America’s response to September 11 was to go to war against the terrorists first in Afghanistan and later in Iraq because we were essentially replaying an old story where we saw ourselves as victims of an “Indian attack” so we had to fight back to survive. George W. Bush assumed the role of a Dodge City marshal in a Hollywood Western who promised to “smoke out” those responsible for the attacks—and Americans willingly followed the script in an attempt to make sense of the tragedy with something familiar.
The problem with revenge and violence, however, is its detrimental effect on our humanity, as we saw in the horrendous situations of Abu Ghraib, Fallujah, Haditha, and Guantanamo. Meanwhile, most Americans glaze over the fact that war in Iraq has resulted in at least one million Iraqi deaths, mostly civilians (based on the 2006 Lancet Report), and the wasting of 4,342 American soldiers with nearly 31,500 wounded. An unprecedented percentage of our soldiers have committed suicide or deserted their ranks. Many of their marriages and friendships have ended. Veterans are denied benefits they were promised, including health care for non-physical wounds like post-traumatic stress syndrome (PTSD). The war has also inflamed religious fanaticism and apocalyptic thinking at home as justification for continued war and violence.
Today, we are a nation exhausted by war to the point that we avoid talking about it! In fact, the war has largely disappeared from view. Coverage of war in 2007 occupied 23 percent of news content compared to 3 percent in 2008, according to the American Journalism Review (June 2008). During the presidential primaries and general election, the subject of war barely came up. President Obama’s promise to end the Iraq war has led to a step up of the Afghanistan war.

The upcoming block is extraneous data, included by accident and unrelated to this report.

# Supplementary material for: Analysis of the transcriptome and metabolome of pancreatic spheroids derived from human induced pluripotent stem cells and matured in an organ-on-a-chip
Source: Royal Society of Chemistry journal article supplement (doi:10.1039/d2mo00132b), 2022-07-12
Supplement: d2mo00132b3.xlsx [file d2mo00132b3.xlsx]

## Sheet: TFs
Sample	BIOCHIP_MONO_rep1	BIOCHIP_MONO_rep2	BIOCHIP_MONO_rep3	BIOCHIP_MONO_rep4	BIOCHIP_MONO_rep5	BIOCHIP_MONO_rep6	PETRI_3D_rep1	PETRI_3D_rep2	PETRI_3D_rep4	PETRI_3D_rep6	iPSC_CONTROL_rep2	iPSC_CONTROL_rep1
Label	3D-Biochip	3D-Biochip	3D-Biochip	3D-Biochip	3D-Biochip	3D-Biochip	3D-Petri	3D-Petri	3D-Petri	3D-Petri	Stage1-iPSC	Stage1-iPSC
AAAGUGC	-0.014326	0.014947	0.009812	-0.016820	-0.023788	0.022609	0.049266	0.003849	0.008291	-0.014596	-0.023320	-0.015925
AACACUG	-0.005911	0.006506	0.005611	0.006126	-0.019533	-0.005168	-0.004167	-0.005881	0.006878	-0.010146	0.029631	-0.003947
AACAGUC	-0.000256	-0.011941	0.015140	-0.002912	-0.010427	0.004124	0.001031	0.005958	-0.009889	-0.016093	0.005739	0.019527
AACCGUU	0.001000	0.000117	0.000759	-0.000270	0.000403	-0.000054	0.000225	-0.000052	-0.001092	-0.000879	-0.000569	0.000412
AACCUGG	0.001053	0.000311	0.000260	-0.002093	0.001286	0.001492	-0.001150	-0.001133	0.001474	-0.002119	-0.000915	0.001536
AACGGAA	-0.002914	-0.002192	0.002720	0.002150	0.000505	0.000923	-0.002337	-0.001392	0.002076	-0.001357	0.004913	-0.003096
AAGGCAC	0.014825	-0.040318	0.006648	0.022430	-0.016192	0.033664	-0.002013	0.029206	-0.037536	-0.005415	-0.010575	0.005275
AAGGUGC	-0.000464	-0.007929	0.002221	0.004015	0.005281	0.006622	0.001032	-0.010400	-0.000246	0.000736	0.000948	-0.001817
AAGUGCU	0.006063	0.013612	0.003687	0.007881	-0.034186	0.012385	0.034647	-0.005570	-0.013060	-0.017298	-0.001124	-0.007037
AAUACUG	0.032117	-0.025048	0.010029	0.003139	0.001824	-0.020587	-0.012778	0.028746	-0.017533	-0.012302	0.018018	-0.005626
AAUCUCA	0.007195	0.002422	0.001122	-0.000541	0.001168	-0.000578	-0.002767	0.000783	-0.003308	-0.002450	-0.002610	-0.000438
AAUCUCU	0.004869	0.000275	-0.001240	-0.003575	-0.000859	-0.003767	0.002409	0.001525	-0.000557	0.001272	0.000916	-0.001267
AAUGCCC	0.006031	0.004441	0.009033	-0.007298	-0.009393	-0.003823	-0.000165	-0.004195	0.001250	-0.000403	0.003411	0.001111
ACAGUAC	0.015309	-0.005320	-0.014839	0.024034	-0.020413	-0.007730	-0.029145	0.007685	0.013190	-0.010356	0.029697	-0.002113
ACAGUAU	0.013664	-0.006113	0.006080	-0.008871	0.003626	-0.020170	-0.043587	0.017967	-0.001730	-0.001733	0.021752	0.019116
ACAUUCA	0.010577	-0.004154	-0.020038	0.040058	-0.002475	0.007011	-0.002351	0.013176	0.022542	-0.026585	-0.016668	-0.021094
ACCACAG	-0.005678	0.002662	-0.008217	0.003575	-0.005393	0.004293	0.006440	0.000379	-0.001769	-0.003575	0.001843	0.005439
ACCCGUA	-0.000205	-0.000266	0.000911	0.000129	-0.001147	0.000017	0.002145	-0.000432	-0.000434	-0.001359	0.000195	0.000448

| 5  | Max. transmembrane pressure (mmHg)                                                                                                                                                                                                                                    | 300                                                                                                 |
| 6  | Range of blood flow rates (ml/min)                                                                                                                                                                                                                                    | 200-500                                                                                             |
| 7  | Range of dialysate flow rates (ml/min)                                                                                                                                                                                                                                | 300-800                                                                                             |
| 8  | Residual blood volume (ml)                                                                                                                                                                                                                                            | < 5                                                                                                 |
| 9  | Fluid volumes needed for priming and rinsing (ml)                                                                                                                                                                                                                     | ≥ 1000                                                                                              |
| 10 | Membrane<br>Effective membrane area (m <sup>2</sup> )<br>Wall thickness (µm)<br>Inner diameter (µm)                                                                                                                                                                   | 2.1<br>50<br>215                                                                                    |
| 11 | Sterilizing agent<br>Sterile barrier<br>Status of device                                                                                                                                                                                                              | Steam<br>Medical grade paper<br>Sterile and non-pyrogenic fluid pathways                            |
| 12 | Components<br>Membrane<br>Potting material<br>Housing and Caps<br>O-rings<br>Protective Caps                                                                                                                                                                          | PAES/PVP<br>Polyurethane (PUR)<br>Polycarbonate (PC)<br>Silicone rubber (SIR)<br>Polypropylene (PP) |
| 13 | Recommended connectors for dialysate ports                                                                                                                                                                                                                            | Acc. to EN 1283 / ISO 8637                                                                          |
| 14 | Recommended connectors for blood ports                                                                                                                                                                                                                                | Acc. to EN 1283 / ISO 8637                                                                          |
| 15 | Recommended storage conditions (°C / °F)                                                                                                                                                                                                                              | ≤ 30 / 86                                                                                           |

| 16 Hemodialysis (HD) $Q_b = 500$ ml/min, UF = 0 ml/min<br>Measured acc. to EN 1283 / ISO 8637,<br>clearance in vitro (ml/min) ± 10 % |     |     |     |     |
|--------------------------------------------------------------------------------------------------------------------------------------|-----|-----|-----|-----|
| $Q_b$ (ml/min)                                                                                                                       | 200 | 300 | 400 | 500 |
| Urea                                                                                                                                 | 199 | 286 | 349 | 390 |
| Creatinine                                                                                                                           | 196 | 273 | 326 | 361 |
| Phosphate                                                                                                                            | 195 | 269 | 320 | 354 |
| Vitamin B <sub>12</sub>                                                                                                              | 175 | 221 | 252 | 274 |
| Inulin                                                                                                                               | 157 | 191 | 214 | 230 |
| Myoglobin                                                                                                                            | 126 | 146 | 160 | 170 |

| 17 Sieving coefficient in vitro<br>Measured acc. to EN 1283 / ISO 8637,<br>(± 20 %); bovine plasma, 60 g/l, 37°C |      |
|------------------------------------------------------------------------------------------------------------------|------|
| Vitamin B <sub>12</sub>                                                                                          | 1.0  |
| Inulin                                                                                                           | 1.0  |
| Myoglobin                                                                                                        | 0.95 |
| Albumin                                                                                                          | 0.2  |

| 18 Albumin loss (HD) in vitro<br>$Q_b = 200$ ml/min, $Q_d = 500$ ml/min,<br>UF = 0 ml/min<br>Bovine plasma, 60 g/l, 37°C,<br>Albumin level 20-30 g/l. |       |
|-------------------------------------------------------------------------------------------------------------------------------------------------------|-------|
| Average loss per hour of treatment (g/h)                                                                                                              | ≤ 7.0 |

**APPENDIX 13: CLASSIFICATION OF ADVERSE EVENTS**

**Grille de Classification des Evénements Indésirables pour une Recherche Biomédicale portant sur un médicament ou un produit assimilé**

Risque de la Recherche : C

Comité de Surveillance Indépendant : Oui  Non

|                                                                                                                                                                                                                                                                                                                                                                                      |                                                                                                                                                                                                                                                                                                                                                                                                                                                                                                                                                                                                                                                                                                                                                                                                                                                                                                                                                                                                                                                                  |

So how might we approach 9/11 in a more meaningful way? Here are a few ideas, but please add more.
1. Join with others to talk about what you TOGETHER can do to substitute fear, hatred or denial in your family, neighborhood or community.
2. Refuse to watch the repetitive “news alerts” or inflammatory pundits by turning off the radio, TV, and the Internet. Recognize that such coverage is intended to agitate emotions, especially anger and fear—and to sell ads. Don’t let yourself be manipulated by people making money off you.
3. Lobby your congressional representatives to end the wars in Iraq and Afghanistan.
For the present, it’s clear that we are going to have to deal with terrorists in our world. However, let us confront them by pulling ourselves together first. Violence, fear, shame and resignation are getting us nowhere.
As peacemakers, we can make a difference everyday by seeing to it that the spirit of cooperation and understanding operates in our local communities, which in turn can spread across the nation and the world. This is a golden opportunity to evolve our humanity.
Olga Bonfiglio is a professor at Kalamazoo College in Kalamazoo, Michigan, and author of Heroes of a Different Stripe: How One Town Responded to the War in Iraq. She has written for several national magazines on the subjects of social justice and religion.